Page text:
Reynolds believed in maintaining his boats in top condition and kept stores of tools at different locations along the line for repairs, which he often made himself. Reynolds' habit of selling his boats before they were too old enabled him to buy newer and larger craft, but he never over expanded. His company thrived by adding new customers and running a highly efficient operation. (11)

Reynolds became involved in gold and silver MINING in Colorado and Arizona in the mid-1880s. His first venture, the Del Pasco mine in Arizona, was not successful. In 1887 Dennis May sold the Congress gold mine which he had discovered in Arizona to Reynolds for $30,000. Properly capitalized as the Congress Gold Company, a stamp mill was built and the mine opened. It became one of Arizona's largest producers. (12)

In 1890 while working in his office in Chicago in the Rialto Building, Reynolds was nearly killed. He detected the strong odor of gas, traced the leak to a place in the wall and called the janitor. He again found the source of the leak and lit a match to show the janitor. He and the janitor were thrown across the room and the wall between rooms 403 and 404 were destroyed, windows were shattered and furniture destroyed. (13)

Reynold's only child, Blake, died in California in 1890. Considered a fortunate child, he studied mechanical engineering in Boston as a youth but never practiced the profession. A $2,500 yacht was constructed for him in Dubuque and he often spent time sailing on the river. His health began to fail around 1886, and he toured the world trying to find a better climate. He returned to Cuba and then his father's silver mines before moving to California where he died. His body was returned the McGregor, Iowa where his mother lived. (14)

In 1891, while visiting his mine, Reynolds died. Reynolds left an estate estimated at $7 million fortune (approximately $150 million in 2006 dollars). (15) One month after his death, no will was found and consideration was made that he had never written one. Later it was discovered that as he lay dying in Arizona he dictated and then signed one. (16) He generously willed substantial amounts to some individuals and made two other significant bequests. In memory of his only child, a son named Blake, who predeceased him, he and his wife established a memorial park in McGregor. Reynolds also bequeathed $200,000 to the University of Chicago to establish the Reynolds Club in his son's memory. (17) The building is still used as the institution's student union. The estate was found to not owe not even one dollar. (18)

The Diamond Jo Line passed to his widow and upon her death in 1895 to a group headed by her brother, Jay. In 1911, the company was sold to the Streckfus Steamboat Company. (19)


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Source:

1. Kruse, Len "Diamond Jo--The Man and His Steamboat," My Old Dubuque, Dubuque, Iowa: Center for Dubuque History-Loras College, 2000, p. 106

2. Adney, John R. ""Legendary Diamond Jo," Telegraph Herald, February 21, 1995, p. 14. Online: http://news.google.com/newspapers?id=OHpjAAAAIBAJ&sjid=hnkNAAAAIBAJ&pg=3364,4395065&dq=joseph+diamond-jo+reynolds&hl=en

3. "Diamond Jo Reynolds Dead," Dubuque Daily Herald, February 24, 1891, p. 6. Online: https://news.google.com/newspapers?nid=_OG5zn83XeQC&dat=18910224&printsec=frontpage&hl=en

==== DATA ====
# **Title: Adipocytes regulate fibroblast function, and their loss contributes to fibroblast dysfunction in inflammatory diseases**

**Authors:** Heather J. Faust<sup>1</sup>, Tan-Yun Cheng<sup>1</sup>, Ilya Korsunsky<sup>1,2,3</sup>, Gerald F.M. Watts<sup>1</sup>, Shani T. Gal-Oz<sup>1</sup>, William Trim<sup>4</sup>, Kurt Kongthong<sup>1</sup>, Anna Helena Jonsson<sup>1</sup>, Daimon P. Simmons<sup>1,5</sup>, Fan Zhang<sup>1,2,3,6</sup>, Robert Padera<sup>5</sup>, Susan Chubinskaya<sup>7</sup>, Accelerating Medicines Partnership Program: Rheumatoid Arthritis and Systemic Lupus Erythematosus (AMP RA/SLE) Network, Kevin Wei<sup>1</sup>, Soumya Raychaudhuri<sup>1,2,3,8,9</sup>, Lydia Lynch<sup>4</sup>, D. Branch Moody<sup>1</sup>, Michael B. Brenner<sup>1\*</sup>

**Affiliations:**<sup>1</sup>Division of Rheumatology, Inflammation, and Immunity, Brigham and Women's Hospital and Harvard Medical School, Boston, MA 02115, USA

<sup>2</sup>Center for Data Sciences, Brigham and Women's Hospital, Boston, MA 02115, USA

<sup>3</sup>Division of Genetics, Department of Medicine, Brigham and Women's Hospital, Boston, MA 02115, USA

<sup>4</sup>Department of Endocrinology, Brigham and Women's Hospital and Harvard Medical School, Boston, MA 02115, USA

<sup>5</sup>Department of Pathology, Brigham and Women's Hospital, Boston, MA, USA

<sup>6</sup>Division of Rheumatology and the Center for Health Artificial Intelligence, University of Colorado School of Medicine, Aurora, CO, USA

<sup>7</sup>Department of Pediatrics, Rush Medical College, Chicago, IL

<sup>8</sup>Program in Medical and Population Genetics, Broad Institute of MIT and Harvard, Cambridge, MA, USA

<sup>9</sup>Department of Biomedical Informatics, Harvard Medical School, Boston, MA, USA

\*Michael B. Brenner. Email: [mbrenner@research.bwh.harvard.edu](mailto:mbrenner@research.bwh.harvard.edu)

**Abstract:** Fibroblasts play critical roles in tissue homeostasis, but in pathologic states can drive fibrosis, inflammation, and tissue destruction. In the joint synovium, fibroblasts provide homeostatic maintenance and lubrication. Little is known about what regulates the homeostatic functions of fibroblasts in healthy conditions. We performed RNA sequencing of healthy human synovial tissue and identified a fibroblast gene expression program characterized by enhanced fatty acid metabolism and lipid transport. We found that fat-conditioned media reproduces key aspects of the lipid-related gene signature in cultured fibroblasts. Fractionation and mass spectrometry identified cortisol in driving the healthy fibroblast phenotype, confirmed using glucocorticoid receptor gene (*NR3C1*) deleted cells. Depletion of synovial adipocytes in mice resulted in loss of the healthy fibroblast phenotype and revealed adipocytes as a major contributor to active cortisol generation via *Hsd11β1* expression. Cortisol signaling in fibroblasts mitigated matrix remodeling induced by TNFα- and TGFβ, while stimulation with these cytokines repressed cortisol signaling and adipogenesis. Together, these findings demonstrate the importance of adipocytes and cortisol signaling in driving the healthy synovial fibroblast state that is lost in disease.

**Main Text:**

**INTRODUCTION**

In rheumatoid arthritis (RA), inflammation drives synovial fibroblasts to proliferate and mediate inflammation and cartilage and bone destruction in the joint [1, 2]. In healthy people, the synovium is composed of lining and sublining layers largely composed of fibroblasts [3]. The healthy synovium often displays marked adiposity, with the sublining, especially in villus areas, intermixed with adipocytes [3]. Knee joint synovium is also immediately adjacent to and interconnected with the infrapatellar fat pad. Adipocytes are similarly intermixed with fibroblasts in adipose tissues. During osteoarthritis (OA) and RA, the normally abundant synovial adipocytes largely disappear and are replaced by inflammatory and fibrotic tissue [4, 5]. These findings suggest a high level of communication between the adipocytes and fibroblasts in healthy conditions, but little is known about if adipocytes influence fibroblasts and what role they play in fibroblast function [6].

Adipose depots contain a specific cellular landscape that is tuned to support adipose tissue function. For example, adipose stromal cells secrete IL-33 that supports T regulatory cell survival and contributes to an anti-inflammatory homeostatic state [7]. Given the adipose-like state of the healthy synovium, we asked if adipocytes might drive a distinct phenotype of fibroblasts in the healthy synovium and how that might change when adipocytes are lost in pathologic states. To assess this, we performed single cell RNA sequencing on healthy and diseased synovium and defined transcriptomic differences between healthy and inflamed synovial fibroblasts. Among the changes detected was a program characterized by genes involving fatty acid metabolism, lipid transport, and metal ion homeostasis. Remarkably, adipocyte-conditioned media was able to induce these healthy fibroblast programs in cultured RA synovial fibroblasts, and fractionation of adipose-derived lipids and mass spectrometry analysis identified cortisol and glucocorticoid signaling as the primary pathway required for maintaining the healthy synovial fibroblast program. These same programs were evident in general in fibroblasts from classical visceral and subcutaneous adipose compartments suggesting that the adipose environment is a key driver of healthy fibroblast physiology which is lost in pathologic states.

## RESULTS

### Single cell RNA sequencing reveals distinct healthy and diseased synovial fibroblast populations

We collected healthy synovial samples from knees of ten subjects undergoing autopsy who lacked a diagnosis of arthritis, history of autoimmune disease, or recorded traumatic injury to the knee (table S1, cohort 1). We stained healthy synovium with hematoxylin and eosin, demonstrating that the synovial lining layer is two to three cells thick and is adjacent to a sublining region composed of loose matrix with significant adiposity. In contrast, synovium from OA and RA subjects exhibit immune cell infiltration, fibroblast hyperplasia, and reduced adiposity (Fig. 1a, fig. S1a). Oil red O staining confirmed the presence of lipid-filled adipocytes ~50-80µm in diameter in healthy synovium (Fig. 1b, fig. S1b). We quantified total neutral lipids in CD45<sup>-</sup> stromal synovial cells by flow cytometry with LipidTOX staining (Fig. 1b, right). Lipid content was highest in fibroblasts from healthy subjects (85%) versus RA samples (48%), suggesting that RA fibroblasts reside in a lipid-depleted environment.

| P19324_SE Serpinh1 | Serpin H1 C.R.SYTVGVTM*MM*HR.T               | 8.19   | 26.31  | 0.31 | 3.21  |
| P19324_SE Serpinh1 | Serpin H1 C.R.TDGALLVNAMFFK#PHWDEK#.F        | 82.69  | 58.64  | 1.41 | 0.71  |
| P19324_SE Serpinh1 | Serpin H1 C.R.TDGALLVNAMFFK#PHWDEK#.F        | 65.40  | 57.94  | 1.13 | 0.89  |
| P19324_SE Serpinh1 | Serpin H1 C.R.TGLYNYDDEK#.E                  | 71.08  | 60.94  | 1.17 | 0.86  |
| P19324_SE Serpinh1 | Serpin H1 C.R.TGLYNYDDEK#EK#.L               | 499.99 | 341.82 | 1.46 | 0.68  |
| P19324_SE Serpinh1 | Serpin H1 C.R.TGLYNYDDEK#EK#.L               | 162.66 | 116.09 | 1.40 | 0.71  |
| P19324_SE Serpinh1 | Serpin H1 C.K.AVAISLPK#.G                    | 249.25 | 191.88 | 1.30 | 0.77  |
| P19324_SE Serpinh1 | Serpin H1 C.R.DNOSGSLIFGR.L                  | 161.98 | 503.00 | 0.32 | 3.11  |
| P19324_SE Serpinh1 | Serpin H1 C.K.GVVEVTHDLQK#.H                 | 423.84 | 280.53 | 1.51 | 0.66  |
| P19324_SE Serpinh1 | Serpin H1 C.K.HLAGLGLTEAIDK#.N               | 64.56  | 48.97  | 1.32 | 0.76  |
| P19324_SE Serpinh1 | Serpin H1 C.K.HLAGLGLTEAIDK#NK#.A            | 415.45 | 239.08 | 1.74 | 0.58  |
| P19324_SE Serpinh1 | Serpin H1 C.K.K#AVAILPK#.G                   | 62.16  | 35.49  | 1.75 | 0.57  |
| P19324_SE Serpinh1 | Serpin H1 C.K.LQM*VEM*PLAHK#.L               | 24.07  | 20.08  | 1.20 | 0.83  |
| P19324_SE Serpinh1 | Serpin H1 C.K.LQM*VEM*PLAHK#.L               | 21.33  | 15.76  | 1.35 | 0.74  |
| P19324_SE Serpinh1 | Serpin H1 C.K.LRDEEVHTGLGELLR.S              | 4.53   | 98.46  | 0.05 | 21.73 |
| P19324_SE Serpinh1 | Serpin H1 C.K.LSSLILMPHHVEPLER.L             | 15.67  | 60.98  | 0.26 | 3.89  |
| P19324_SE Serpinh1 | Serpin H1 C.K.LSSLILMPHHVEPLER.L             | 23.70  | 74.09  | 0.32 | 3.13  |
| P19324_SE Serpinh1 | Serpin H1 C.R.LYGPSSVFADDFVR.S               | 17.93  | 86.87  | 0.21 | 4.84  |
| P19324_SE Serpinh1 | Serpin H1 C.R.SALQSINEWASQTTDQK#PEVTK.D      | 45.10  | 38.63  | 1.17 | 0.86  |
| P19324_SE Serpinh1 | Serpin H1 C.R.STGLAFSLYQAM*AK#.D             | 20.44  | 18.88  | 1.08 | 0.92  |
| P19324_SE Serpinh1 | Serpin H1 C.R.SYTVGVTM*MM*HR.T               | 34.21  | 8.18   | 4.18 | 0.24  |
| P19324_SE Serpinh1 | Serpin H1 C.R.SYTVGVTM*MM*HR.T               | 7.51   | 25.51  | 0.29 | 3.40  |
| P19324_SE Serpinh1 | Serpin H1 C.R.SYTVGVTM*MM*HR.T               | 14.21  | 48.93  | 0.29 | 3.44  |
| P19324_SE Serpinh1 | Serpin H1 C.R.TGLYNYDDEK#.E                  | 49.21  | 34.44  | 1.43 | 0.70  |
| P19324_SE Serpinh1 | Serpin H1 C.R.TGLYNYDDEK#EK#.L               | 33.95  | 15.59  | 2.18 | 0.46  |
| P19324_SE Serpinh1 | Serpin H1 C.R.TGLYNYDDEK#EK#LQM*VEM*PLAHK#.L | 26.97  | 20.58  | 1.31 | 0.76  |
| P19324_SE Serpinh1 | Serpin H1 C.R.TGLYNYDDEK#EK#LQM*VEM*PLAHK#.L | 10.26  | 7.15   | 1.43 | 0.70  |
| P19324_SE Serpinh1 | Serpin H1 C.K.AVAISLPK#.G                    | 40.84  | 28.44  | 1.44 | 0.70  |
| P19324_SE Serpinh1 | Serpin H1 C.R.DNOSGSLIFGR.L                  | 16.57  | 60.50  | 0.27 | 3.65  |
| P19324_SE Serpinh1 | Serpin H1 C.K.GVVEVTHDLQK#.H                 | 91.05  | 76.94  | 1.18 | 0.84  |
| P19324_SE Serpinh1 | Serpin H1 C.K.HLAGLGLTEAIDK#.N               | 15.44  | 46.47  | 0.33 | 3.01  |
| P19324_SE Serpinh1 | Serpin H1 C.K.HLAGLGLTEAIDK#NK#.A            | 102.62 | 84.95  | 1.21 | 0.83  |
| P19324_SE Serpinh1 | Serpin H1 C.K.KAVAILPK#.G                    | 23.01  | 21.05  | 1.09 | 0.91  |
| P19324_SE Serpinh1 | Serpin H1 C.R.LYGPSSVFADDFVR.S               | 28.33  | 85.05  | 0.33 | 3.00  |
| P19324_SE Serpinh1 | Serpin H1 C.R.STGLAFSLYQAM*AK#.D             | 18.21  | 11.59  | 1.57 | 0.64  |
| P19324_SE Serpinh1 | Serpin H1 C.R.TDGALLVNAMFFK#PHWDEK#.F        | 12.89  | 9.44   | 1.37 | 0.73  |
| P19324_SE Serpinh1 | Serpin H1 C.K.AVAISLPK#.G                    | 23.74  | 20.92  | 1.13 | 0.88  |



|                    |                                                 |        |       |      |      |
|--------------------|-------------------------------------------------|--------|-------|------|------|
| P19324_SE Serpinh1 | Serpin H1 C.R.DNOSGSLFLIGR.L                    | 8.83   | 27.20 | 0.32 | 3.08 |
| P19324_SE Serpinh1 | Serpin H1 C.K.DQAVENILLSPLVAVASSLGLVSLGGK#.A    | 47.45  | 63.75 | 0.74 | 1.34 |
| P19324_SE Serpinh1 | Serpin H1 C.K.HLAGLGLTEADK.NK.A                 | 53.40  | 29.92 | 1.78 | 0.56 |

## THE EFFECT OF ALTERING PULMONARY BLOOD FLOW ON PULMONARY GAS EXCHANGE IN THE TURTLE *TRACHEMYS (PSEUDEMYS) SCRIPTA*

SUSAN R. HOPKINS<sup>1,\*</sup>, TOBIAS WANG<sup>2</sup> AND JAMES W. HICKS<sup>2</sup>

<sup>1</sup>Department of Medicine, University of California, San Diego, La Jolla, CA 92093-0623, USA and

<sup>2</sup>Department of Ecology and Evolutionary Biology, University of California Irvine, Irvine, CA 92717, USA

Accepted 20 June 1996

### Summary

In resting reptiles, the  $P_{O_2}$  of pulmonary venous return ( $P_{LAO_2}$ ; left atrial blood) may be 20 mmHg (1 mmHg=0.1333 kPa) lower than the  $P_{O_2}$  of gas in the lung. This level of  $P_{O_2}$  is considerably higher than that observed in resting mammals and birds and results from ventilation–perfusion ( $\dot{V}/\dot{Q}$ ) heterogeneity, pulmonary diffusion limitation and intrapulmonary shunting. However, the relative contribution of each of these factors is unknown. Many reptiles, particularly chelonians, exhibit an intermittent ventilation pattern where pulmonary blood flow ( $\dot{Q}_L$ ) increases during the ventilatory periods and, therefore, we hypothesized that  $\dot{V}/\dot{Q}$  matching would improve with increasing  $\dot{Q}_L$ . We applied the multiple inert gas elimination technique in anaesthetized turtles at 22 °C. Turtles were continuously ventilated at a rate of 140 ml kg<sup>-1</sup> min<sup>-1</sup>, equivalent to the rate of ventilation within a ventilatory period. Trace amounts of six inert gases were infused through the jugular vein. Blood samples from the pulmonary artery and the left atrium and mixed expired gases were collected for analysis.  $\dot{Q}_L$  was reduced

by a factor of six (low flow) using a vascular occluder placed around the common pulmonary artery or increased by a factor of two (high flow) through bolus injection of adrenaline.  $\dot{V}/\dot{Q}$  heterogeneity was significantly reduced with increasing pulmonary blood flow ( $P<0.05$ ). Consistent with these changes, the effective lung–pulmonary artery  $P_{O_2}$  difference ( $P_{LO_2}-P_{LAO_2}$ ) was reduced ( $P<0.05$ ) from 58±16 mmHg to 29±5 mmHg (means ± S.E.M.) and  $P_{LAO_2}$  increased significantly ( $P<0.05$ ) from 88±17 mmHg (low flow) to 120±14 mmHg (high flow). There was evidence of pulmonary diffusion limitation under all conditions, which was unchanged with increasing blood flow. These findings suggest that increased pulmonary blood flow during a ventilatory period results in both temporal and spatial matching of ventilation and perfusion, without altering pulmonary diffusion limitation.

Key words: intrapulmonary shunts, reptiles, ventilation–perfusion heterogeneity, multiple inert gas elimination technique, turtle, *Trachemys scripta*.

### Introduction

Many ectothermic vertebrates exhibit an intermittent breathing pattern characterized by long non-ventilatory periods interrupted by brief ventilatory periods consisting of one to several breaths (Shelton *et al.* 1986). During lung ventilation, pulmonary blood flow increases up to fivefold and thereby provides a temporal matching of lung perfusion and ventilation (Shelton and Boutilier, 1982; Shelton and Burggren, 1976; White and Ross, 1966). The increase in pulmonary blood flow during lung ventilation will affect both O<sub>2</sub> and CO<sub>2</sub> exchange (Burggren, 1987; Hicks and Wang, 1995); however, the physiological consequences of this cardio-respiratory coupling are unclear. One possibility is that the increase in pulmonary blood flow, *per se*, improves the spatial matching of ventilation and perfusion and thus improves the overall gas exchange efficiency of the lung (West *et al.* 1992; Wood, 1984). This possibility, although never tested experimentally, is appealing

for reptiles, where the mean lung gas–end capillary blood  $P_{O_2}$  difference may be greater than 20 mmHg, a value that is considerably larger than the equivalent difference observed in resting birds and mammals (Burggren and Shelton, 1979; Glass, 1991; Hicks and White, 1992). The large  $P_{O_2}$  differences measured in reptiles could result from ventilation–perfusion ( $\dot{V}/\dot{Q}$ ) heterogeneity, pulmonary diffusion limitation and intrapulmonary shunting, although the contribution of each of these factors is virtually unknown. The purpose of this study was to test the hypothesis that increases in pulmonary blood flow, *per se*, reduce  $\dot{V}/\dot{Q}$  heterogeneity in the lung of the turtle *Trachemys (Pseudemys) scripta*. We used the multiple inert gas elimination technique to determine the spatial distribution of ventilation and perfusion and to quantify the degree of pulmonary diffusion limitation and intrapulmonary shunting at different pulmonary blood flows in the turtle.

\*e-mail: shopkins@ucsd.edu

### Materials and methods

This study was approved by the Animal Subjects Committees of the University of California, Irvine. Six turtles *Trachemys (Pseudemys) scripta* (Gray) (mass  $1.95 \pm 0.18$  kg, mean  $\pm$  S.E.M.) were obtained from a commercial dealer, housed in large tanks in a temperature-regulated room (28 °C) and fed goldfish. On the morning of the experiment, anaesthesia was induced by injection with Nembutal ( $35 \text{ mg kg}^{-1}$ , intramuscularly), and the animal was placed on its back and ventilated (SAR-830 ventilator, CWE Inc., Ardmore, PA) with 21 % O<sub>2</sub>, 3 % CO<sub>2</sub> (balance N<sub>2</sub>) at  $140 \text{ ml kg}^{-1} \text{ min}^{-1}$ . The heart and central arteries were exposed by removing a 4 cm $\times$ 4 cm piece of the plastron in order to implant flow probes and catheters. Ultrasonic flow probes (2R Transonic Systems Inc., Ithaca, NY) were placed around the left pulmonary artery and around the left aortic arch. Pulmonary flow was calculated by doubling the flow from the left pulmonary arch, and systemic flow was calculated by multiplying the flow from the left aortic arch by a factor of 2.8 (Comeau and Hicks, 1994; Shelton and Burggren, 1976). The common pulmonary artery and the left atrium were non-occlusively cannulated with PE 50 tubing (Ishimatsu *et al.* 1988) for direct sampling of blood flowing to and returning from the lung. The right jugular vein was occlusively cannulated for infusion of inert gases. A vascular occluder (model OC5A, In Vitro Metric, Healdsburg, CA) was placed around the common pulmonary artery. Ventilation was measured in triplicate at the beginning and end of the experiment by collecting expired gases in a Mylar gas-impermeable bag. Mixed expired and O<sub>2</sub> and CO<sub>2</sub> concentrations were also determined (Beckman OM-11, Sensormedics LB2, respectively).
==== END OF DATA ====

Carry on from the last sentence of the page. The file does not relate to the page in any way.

4. "The Story of the Diamond Jo Line Steamers," Telegraph-Herald, June 12, 1938, p. 5

5. Ibid.

6. "Caught on the Fly," Dubuque Herald, November 23, 1875, p. 4. Online: https://news.google.com/newspapers?nid=uh8FjILnQOkC&dat=18751123&printsec=frontpage&hl=en

7. Adney

8. "How Diamond Jo Was Given Name," Telegraph Herald, June 21, 1904, p. 5. Online: http://news.google.com/newspapers?id=CBtFAAAAIBAJ&sjid=8boMAAAAIBAJ&pg=3001,4532755&dq=joseph+diamond-jo+reynolds&hl=en

9. Foote, Frank, "The Fabulous Career of Diamond Jo and his Steamboat," Telegraph Herald, September 27, 1964, p. 7. Online: http://news.google.com/newspapers?id=w31FAAAAIBAJ&sjid=tLwMAAAAIBAJ&pg=3680,3282532&dq=joseph+diamond-jo+reynolds&hl=en

10. "Good Times on the Diamond Jo," Telegraph Herald, June 30, 1994, p. 19. Online: http://news.google.com/newspapers?id=A11FAAAAIBAJ&sjid=GLwMAAAAIBAJ&pg=5362,6857056&dq=joseph+diamond-jo+reynolds&hl=en

11. The Fabulous Diamond Jo," Telegraph Herald, June 14, 1973, p. 23. Online: http://news.google.com/newspapers?id=ygdRAAAAIBAJ&sjid=NMMMAAAAIBAJ&pg=5876,2251949&dq=joseph+diamond-jo+reynolds&hl=en

12. "Diamond Jo Sale Revives Memories," Telegraph Herald, February 19, 1911, p. 6. Online: http://news.google.com/newspapers?id=qPBCAAAAIBAJ&sjid=4asMAAAAIBAJ&pg=1305,1834259&dq=joseph+diamond-jo+reynolds&hl=en

13. "Diamond Jo's Danger," Dubuque Daily Herald, May 9, 1890. Online: https://news.google.com/newspapers?nid=_OG5zn83XeQC&dat=18900509&printsec=frontpage&hl=en

14. "Dies on the Golden Shore," Dubuque Daily Herald, May 13, 1890, p. 4.

15. Adney

16. "Diamond Jo's Dissolution," Dubuque Daily Herald, March 22, 1891, p. 8. Online: https://news.google.com/newspapers?nid=_OG5zn83XeQC&dat=18910322&printsec=frontpage&hl=en

17. "Diamond Jo Sale Revives Memories."

18. "Diamond Jo' Dissolution..."

19. "Diamond Jo Line Boats Are Sold," Telegraph Herald, February 3, 1911


Biographical Dictionary of Iowa. digital.lib.uiowa.edu/uipress/bdi/DetailsPage.aspx?id=315


"Hot Springs Railroad Roundhouse," Arkansas Historical Preservation Project, http://www.arkansaspreservation.com/historic-properties/_search_nomination_popup.asp?id=380